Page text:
My mom looked at Erin’s (Vicky’s) tour schedule, and she figured out that her next book signing was in Charlotte, NC. We live in Maryland, so there was no way we were driving that far! However, there was another book signing on Monday in another place in North Carolina, closer to where I live. BUT it was 5 hours away and we had to drive. So, early Monday morning we got our suitcase and other stuff, grabbed the map and directions to the bookstore Erin was going to be, hopped in the car, and left. On the way there, my mom and I listened to some music, turned up the bass, turned up the volume to 14 (where it has never been before), and headed for North Carolina. It was great. I brought a stuffed snow tiger named Celine and a small toy cat that moved its tail and head when you pressed the button on its back. My mind was constantly filled with Warrior cat thoughts. Will Dovewing and Tigerheart fall in love? Or will she fall in love with Bumblestripe? Will Cinderheart ever talk to Lionblaze again?

Anyway, we only stopped twice on the way to the bookstore. Once to get gas and then at McDonald’s to satisfy our intense hungering for food. Finally, we got to the bookstore. I met a new friend there. Her name was Casey. She was very nice. It was very nice to have someone to talk to who loved Warriors just as much as I do. We waited for Erin (Vicky) to come out. Then we waited some more. And we waited some more. An employee at the store, a lady named Rosemary, made announcements about two or three times. Then we waited some more. Finally, after three stinkin’ hours, Erin (Vicky) came out. Casey and I held up a sign my mom had made. It said, #1 FANS FROM MARYLAND! WE LOVE WARRIORS! Casey was mostly trying to hide behind the sign.

Erin read a bit from her latest warrior book, The Last Hope. She was wearing a very short dress, so we all giggled when she said, “No one look when I sit down and stand up, or you might see more of my thighs than anyone would ever want to see!” It was also funny when she sat down on the plastic chair while saying, “Great. This chair is plastic. When I stand up, don’t look because I’ll have to peel my thighs off of the chair.”. That was hilarious! Then she started answering questions. I can hardly remember anything of what I asked and what others asked because I was delusional with excitement! Then, she finished her Q/A part of the book signing. Now it was time for the, well, book signing of the book signing! I got a picture with Erin Hunter  (Vicky Holmes), and I had all of my Omen of the Stars series signed.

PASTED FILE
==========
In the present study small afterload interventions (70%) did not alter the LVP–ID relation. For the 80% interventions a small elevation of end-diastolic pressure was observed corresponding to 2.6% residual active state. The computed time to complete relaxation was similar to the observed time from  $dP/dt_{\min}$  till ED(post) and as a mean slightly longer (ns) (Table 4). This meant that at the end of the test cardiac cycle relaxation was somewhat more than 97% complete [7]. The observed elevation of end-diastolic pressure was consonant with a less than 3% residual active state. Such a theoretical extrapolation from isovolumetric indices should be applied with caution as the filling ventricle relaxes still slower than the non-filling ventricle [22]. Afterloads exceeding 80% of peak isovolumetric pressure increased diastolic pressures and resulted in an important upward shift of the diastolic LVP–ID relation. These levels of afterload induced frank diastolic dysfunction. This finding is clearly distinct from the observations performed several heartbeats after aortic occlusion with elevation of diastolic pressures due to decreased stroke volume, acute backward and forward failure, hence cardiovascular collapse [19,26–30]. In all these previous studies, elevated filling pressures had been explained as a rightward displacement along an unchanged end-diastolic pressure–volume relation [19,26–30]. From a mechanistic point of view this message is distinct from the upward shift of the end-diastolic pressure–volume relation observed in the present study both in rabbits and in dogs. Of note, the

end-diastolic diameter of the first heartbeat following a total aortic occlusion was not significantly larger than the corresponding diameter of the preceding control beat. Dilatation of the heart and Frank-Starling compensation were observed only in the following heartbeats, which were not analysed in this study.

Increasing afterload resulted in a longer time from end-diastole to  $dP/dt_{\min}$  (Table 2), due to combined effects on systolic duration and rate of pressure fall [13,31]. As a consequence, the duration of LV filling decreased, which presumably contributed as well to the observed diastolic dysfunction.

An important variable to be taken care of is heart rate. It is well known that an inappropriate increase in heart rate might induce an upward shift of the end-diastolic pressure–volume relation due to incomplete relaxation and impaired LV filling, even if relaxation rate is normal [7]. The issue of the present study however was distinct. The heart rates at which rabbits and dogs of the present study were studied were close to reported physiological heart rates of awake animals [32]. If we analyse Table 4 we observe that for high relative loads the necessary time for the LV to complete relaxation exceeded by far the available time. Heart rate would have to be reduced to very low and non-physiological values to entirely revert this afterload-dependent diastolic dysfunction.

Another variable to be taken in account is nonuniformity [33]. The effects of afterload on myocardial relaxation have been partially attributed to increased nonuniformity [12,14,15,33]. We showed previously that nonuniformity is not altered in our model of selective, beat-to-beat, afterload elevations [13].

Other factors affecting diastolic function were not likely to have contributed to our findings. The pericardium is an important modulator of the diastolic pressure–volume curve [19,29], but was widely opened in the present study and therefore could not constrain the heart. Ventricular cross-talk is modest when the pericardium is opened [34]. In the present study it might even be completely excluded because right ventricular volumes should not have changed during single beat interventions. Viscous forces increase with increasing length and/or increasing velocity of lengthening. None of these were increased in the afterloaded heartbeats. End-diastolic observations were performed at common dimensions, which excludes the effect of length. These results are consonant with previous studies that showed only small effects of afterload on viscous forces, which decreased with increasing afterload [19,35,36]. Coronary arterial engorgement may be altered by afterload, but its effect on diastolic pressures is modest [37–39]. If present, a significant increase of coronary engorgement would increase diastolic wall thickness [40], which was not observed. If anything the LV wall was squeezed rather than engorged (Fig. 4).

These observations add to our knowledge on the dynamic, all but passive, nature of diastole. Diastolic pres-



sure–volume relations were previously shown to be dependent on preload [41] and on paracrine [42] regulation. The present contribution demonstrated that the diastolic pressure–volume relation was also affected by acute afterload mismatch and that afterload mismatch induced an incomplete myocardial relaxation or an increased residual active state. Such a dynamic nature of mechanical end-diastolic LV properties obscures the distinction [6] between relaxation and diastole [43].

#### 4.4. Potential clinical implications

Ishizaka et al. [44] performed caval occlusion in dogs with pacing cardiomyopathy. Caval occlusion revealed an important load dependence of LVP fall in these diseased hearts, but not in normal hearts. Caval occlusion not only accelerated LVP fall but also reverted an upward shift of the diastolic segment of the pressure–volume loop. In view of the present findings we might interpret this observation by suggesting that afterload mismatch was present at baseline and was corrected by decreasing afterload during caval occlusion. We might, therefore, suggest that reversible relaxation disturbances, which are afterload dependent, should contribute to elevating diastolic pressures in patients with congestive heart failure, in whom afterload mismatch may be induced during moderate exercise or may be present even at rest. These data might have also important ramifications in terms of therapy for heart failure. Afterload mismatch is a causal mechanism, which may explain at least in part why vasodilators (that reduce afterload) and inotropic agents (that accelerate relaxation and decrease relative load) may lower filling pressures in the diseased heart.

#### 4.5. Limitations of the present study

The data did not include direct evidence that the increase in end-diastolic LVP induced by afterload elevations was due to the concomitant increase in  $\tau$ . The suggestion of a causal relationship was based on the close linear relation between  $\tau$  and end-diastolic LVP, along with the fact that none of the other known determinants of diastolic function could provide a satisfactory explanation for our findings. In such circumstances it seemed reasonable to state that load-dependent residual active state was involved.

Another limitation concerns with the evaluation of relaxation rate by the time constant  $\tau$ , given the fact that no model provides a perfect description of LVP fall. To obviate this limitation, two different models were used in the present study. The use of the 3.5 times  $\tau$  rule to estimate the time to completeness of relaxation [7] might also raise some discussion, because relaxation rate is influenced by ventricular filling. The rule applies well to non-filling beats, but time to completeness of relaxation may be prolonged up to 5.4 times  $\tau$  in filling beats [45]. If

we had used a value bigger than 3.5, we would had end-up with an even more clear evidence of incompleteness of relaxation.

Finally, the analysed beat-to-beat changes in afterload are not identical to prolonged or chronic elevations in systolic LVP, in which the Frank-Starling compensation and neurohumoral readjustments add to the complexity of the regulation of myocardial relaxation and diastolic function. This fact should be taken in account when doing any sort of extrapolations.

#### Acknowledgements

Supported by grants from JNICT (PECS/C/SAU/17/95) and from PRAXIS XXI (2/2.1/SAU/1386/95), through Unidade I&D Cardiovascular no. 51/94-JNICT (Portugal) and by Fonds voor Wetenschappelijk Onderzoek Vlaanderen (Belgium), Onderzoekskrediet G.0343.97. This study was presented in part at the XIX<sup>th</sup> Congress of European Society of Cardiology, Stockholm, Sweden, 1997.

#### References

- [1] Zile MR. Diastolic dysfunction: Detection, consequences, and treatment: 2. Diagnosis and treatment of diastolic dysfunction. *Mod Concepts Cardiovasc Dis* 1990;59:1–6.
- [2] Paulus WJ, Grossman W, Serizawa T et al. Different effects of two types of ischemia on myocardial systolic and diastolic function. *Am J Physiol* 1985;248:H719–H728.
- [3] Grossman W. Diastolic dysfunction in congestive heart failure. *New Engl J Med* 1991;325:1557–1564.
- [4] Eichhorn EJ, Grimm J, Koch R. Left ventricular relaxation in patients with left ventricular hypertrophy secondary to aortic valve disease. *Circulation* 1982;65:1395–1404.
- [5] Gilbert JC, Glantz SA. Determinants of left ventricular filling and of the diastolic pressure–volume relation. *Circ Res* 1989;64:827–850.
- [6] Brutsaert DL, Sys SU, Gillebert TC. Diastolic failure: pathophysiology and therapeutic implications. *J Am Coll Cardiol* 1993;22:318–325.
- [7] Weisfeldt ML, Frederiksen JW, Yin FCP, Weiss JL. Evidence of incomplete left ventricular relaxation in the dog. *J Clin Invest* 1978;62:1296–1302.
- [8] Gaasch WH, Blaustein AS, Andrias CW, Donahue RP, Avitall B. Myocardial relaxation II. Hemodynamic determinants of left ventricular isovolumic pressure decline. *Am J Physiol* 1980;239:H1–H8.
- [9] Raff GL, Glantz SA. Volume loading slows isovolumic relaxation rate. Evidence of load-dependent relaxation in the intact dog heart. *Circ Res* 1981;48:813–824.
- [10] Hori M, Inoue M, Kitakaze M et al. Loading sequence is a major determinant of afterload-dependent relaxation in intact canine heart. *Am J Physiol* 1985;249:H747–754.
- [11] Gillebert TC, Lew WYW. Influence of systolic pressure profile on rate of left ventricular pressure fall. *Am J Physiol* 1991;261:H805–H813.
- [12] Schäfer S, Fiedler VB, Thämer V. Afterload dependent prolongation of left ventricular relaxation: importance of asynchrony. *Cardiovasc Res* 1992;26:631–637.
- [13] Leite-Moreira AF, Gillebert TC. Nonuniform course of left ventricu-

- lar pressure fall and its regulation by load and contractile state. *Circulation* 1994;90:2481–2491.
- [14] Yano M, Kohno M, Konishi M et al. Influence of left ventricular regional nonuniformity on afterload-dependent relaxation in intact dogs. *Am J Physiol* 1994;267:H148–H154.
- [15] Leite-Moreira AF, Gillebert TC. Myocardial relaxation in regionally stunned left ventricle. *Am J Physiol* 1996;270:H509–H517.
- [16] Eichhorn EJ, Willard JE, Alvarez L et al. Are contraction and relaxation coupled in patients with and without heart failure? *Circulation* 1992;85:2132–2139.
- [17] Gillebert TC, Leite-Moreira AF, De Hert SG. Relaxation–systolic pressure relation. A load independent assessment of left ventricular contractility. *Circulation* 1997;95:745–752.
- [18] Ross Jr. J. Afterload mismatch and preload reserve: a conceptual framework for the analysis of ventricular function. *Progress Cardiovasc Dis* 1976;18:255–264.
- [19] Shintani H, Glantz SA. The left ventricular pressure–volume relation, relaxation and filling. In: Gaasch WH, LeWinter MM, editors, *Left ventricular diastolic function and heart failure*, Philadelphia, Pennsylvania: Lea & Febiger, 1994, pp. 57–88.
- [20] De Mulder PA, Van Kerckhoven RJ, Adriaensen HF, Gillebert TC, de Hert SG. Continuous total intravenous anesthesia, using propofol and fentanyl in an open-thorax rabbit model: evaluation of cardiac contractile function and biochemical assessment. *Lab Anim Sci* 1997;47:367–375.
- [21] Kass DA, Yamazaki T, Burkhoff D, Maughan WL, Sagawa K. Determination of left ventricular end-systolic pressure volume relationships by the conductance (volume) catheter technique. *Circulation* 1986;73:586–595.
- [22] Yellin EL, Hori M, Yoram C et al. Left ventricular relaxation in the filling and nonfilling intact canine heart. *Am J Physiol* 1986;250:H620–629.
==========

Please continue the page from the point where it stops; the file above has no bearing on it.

On the way to the hotel from the book signing, my mom said to me, “Miranda.” I replied with a “What?” Then my mom smiled. “YOU MET ERIN HUNTER!” she exclaimed. I screamed. On the way home the next day she did the same thing. And that’s the story of how I met Victoria Holmes, one of the four Erin Hunters.

Review: “The Gideon Trilogy”

Title: The Gideon Trilogy (The Time Travelers,  The Time Thief, The Time Quake)
Author:  Linda Buckley-Archer
About 400 pages each

Synopsis:  Two kids stumble upon a science experiment that transports them across time, and they find they are stuck between the 18th and 21st centuries. They learn how the 18th century can be a very dangerous place, but with the help of good friends they may survive the pursuits of villains who want to exploit them and the technology that brought them through time.   Across the trilogy, they learn what special abilities time travel has created for them, and how that can help them when they really need it.  What part of modern life would you miss most?  What would it be like for someone from 1763 to live today?  Just how bad could it get if someone evil and power-hungry could go back and change key moments in history?  Find out in this incredible series.

Why kids would like this book: This book is exciting, and has a lot of twists and turns that you will love. This book contains edge of your seat moments where you can’t stop reading. If you’re reading this at night, it’ll make you say: “Just 5 more minutes, mom!”

Why adults would like this book:  Ok, maybe you are saying to yourself right now, “a time travel book–how cliché!”  I hear ya, and I hate predictable story lines, but this series was so riveting that I LOVED it!  Each book took the story in a new direction while trying to answer the main question of whether our heroes will ever make it home to the world and families they left behind.  Book one made me see life in the 18th century in a whole new way while I was trying to catch my breath between all the action.  Book two shows what could happen if someone from 1763 was thrust into modern city life…..and what trouble they can cause if they are EVIL!  Book three plays with what disastrous consequences come from changing the past. The author creates some very relatable and believable main characters that you want to hug and slap at the same time!  ….and the ways that the main characters deal with the voluntary and involuntary ways they can play with time is INGENIOUS and very entertaining.  …and the way that key plot twists can rip your heart out or make you want to scream.  Did I say that I LOVED these books already??

Miranda’s rating: book 1: 9 book 2: 10 book 3: 8

Todd’s rating: 10 of 10 (For books 1 and 2, but maybe an 8 for book 3 just because it got a little chaotic toward the end.)  These three are probably my favorite books from the last year.  Miranda and I would seriously hide the books from each other so we could read without the other stealing them!!